Monday, July 2, 2012

Drowning, Not Waving

Today’s Newspoll results are a bit of a non-event, unless you happen to be in Queensland, where they are worthy of more than a second glance. Nationally, the changes are minimal: the Coalition is still leading Labor by 12 percentage points on a two-party-preferred basis, but when you get to the Queensland figures, the LNP lead is 30 percentage points, a margin devastating enough to be likened to Whyalla and the dawn of the Carbon Tax. Even Kevin Rudd’s seat of Griffith, along with Treasurer Wayne Swan and Trade Minister Dr Craig Emerson’s seats in Queensland, would be in danger. Labor could be ShamWowed right off the electoral map in Queensland, leaving their paltry seven seats in Queensland’s state parliament looking like a strong result.

You have to wonder if a two-party preferred measure is relevant any more.

Worse than that, some are wondering if the ALP is relevant any more.

It’s a ridiculous position. Of course the ALP is relevant. Even on primary votes, 32% of people indicated that they would vote Labor. That’s one in three people, but one in three doesn’t win an election. If the ALP is going to hold onto power – and that looks less and less likely – they need more than 50% of the 2PP number. Nationally, the ALP needs to find a significant slab of voters who will support them and their allies...if they still have any.

So where are they: Paul Keating’s True Believers must be around somewhere. Are they the one in three who are sticking by this wounded Labor Government against all odds?

I’m quite sure that the ALP doesn’t actually know where to look for the voters it has lost along the way…so I’m going to point them in the right direction. Look to the left, Labor. We’re all over here!

Take a look at the Political Compass, which made the following observations just two years ago:

Conservative parties in virtually all western democracies have shifted to the right economically, and the Australian Liberal Party is no exception. However, in most countries a new generation of conservative leaders display eagerness to adopt more socially liberal policies in tandem with full-throttle free market (ie right wing) economics. In the case of Tony Abbott's Liberals, however, the party has not only moved right of the earlier Turnbull leadership years, but it has also shifted to a more authoritarian position on the social scale. This is a move that will no doubt appeal to the otherwise mostly homeless former supporters of One Nation.

Labor reflects this drift, now occupying a space to the right of the 1980s Liberals. The debate between the two main parties, however heated, is within narrowing parameters. The two parties are now closer together than at any other time. The clash of economic vision of earlier campaigns is absent. It's no longer about whether the prevailing neoliberal orthodoxy is actually desirable, but merely a question of which party can manage it best.

By contrast, the Greens, once pretty much a single issue party, have emerged with a comprehensive social democratic manifesto, more in tune with an earlier Labor Party, and significantly more socially liberal than either of the others.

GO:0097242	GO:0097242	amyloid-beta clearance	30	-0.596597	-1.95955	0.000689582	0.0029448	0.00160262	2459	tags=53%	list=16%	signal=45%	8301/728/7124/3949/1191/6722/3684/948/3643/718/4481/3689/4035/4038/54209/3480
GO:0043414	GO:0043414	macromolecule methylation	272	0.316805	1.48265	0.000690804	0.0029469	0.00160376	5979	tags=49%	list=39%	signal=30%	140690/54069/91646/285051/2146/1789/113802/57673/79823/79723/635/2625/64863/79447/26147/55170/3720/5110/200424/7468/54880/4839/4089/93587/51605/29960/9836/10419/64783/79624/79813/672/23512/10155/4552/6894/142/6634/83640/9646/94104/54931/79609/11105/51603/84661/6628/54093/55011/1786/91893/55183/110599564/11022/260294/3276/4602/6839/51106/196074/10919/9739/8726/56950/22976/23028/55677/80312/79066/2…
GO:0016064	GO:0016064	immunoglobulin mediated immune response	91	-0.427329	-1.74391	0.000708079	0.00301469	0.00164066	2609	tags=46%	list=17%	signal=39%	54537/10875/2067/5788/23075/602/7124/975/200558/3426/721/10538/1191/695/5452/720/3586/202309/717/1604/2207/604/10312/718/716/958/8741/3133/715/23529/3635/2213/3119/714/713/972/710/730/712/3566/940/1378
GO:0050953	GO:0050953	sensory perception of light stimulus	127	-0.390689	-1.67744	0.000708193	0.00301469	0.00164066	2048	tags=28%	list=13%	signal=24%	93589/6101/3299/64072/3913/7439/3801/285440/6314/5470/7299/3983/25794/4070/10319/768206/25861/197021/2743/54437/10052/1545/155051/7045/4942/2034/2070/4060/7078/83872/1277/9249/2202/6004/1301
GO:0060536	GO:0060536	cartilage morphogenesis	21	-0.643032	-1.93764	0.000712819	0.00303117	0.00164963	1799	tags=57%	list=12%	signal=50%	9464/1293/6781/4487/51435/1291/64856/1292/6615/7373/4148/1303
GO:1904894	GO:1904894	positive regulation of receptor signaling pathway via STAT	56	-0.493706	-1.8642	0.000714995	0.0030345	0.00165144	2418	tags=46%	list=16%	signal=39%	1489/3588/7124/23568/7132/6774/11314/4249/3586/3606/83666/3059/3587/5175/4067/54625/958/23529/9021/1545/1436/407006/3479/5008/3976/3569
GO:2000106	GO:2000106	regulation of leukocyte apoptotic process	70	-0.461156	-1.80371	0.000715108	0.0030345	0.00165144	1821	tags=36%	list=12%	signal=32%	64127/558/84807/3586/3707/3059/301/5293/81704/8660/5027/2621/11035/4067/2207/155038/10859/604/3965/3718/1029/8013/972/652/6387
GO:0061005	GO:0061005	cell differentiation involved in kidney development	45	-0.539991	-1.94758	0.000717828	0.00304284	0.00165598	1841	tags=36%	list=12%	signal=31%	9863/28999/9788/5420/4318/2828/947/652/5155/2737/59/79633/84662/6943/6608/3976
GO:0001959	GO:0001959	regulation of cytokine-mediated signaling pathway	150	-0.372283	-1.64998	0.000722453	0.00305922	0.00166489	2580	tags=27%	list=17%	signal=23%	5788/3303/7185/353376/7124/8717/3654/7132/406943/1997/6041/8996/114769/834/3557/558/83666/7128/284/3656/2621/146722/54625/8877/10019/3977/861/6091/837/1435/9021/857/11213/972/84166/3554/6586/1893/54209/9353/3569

Take another look at the compass above. Should the ALP be fighting for the small stripe of ideological real estate between where they are now, and the conservative crush of Nationals, LNP and Liberals, or should it - to quote an astonishing television documentary series - Go Back to Where It Came From? As hated as she is by the political right, Julia Gillard is dragging the ALP even further to the right, but there's no-one there to welcome her. We're all behind her, in that big slab of open space to the left of Labor.

The results in Queensland are more pronounced, and the reasons are varied. For many Labor and undecided voters, the issue of Julia Gillard’s ascendancy still burns. These voters will not support a government lead by the woman who knifed “our Kev” in the back, and then lied about the dreaded Carbon Tax. Another reason for Labor still being hated in Queensland is Queensland’s reliance on mining and the perception that the combination of the Carbon Tax and the MRRT will damage the mining industry.

And then there’s the Campbell Newman Effect: despite 99 days in office, in which promises have been broken and every Queenslander has been squeezed somehow, Newman is seen as a winner. That’s not a hard look to maintain in comparison to Opposition Leader Annastacia Palaszczuk. Unfortunately for Queensland Labor, Ms Palaszczuk was the most qualified and most willing to lead a small and lacklustre group of MPs. She makes Mr Newman look good. State Labor must regroup and bring in a leader from outside the parliament.

In 21st Century politics, conventional wisdom suggests that elections are won in the western suburbs of Sydney, and the south-east corner of Queensland. Both look lost to the more conservative of the conservative options.

The Australian Labor Party would do well to stop trying to take ground away from the Coalition, and turn around. There’s an enormous streak of centre ground where Labor Voters – the lapsed True Believers, the Greenies with moderate economic views and the genuine Centre-Lefties are waiting with votes and bags of money for their party to return to them.


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